The Federal Reserve is likely to keep interest rates high through 2023, dashing Wall Street’s hopes of lowering rates in the second half of 2023 and all but guaranteeing a recession.
That’s according to a group of economists polled by Bloomberg, who forecast that the US central bank will raise the benchmark federal funds rate to a high of 4.9% in 2023 and hold it there until 2024.
The forecast comes days before the Fed’s final meeting of the year, when policymakers are expected to hike rates by 50 basis points after four consecutive 75 basis point hikes. Officials will announce their decision at 2 p.m. Wednesday at the end of their two-day meeting.
The Fed will also release its first quarterly forecast since September, giving a glimpse of where it sees the U.S. economy heading over the next few years. If policymakers signal that they expect rates to stay high through 2024, it could send a hawkish shock to markets, which are currently betting on a second-half rate cut.
Survey economists expect the Fed to cut rates to 4% by June 2024 and 3.5% by the end of this year. They also expect Fed officials to signal that they are bracing for slower growth in 2023 and slightly higher unemployment than they signaled in September.
The survey of 44 economists was conducted Dec. 2-7 ahead of the Fed meeting.
President Jerome Powell signaled in late November that the U.S. central bank would slow its interest rate hikes at its meeting next week, but stressed that policymakers still had work to do to crush stubbornly high inflation.
“The time to moderate the pace of rate hikes could come as early as the December meeting,” Powell said during a speech at the Brookings Institute in Washington, D.C. “Given our progress in tightening policy, the time of that moderation is much less important than the questions of how much more we will need to raise rates to control inflation, and how long it will take to keep policy restrictive.”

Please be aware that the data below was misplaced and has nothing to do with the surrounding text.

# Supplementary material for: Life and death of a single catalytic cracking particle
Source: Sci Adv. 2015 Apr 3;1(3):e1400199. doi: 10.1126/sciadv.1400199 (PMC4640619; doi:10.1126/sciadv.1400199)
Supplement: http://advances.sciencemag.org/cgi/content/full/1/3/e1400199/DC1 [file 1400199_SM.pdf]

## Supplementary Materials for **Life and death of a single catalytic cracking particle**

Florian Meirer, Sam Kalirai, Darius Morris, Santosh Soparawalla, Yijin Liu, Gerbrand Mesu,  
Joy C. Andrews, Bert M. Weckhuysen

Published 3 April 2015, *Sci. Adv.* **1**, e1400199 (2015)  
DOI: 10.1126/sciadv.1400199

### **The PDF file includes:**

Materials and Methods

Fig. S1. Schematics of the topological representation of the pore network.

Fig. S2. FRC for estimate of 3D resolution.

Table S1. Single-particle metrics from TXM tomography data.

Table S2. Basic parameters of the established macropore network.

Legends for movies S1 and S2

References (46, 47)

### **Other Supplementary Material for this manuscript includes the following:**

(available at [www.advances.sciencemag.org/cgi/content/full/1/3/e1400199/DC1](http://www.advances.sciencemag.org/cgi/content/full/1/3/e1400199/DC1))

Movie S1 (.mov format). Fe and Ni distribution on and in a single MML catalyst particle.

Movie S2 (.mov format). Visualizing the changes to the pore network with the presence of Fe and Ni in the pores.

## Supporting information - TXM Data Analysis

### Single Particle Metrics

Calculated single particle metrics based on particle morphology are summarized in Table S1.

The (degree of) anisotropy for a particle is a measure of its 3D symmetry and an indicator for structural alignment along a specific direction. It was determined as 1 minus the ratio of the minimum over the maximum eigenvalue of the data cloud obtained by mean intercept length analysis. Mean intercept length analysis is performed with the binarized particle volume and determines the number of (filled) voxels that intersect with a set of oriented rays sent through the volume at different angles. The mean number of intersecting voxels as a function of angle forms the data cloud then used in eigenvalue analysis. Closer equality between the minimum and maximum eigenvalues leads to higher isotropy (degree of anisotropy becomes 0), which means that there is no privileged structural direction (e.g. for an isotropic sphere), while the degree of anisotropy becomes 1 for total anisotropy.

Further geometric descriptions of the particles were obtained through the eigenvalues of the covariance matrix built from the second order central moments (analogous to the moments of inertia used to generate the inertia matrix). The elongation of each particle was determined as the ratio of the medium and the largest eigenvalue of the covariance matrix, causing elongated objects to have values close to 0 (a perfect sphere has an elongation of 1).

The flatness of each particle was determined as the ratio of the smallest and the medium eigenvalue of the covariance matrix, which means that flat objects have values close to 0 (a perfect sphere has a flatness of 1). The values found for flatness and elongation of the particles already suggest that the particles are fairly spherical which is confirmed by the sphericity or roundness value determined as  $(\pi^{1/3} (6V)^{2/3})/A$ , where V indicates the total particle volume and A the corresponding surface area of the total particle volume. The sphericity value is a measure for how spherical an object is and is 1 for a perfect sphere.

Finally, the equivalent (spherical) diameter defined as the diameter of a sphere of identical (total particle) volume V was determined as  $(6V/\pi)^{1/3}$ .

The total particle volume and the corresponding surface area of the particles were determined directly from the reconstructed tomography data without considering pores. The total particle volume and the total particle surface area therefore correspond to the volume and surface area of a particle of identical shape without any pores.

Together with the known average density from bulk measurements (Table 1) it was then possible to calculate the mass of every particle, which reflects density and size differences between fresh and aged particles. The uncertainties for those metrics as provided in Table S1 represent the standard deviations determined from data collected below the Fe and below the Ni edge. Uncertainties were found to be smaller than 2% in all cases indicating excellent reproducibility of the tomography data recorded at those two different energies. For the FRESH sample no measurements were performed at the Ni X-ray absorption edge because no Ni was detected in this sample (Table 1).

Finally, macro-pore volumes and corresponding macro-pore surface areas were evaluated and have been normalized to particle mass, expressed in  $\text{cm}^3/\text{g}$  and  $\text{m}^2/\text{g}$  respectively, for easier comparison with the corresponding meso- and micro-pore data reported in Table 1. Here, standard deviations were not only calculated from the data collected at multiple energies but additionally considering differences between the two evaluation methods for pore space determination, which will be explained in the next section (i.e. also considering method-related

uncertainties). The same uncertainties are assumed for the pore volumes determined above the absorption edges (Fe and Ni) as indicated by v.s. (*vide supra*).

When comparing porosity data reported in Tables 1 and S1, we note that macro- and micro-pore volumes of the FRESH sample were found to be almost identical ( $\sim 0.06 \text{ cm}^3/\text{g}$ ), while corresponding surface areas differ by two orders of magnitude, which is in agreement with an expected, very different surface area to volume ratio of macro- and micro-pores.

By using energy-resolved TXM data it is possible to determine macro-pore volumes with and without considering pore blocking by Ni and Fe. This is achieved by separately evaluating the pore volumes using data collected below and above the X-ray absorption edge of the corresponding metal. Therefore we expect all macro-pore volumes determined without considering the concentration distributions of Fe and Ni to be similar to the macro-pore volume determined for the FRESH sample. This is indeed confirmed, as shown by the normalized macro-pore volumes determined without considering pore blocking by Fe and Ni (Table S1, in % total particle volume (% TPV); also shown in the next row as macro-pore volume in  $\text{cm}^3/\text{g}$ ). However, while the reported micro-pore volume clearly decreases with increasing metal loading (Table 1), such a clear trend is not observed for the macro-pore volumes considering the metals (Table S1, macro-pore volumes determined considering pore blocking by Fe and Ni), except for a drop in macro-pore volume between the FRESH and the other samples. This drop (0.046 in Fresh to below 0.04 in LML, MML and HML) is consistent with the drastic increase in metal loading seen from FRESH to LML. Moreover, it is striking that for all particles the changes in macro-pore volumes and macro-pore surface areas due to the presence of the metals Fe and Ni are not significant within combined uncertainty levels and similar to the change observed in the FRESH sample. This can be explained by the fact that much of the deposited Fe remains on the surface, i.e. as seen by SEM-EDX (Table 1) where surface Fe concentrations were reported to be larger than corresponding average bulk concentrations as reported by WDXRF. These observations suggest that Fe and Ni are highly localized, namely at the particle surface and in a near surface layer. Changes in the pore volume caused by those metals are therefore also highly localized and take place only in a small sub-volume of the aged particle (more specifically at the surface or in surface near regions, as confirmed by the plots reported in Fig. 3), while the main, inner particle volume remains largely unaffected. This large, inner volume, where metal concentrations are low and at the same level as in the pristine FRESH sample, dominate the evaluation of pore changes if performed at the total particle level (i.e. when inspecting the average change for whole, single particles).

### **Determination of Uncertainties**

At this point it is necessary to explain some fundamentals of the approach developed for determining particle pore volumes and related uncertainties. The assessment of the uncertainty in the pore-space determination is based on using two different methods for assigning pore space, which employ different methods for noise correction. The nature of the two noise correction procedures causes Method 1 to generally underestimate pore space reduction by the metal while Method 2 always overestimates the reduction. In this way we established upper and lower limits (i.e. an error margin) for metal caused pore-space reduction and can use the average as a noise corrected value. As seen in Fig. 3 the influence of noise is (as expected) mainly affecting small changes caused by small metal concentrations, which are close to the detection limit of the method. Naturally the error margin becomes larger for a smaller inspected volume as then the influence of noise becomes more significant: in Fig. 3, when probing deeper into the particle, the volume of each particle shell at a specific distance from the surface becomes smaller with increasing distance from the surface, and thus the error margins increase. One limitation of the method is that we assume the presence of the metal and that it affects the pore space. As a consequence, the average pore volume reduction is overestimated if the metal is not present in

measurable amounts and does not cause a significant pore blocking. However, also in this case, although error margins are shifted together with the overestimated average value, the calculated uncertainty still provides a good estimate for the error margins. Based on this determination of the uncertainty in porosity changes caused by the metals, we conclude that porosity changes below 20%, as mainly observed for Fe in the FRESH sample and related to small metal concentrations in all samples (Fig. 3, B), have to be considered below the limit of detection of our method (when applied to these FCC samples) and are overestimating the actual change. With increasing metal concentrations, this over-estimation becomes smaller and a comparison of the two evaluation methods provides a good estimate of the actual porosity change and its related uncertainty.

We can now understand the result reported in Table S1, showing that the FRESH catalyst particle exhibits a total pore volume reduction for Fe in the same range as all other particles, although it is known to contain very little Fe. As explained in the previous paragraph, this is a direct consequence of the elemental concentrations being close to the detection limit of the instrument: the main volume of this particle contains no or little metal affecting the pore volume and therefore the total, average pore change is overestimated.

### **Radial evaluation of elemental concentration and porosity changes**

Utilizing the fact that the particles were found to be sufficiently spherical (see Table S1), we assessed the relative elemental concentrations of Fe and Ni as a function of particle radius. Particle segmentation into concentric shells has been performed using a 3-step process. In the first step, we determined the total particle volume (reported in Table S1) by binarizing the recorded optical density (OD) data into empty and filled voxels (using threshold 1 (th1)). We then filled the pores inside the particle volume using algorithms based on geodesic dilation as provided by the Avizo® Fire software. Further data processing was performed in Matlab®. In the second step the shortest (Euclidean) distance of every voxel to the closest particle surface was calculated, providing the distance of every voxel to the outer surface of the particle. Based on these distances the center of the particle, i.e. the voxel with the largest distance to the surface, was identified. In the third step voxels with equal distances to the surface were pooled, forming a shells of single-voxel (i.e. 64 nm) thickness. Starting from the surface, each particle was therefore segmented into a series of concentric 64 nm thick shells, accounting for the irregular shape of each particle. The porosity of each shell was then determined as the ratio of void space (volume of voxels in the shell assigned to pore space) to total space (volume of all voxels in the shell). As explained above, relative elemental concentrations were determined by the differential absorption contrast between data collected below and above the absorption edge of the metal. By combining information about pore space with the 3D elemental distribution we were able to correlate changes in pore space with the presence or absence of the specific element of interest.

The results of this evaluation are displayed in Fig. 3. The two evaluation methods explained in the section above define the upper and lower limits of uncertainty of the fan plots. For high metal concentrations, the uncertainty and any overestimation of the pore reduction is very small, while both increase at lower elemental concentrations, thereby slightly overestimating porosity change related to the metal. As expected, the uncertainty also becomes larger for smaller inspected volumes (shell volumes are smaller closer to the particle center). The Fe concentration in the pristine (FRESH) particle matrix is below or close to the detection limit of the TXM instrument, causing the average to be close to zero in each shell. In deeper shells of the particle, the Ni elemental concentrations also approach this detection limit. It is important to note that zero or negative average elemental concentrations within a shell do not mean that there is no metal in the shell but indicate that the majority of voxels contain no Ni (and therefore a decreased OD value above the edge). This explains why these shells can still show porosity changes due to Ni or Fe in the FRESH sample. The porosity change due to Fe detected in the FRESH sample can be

Still, he noted that “continued increases will be appropriate” and stressed that the focus on the speed of rising rates is less important than the question of how long rates should be kept in restrictive territory.
The The Fed raised rates by 75 basis points in early November for the fourth consecutive meeting as it attempts to bring inflation closer to its 2% target with the most aggressive tightening since the 1980s. The latest decision placed the target range of their benchmark rate at 3.75% to 4% – well into restrictive territory – from almost zero in March.
Although he acknowledged inflation showed early signs of easing – consumer prices rose 7.7% in October from a year earlier, the slowest pace since January – Powell rejected any assumption that inflation will continue to moderate.
“It will take a lot more evidence to confirm that inflation is coming down. The truth is that the path ahead for inflation remains very uncertain,” he said, adding: “Despite the policy more strict and slowing growth over the past year, we have not seen clear progress on slowing inflation.”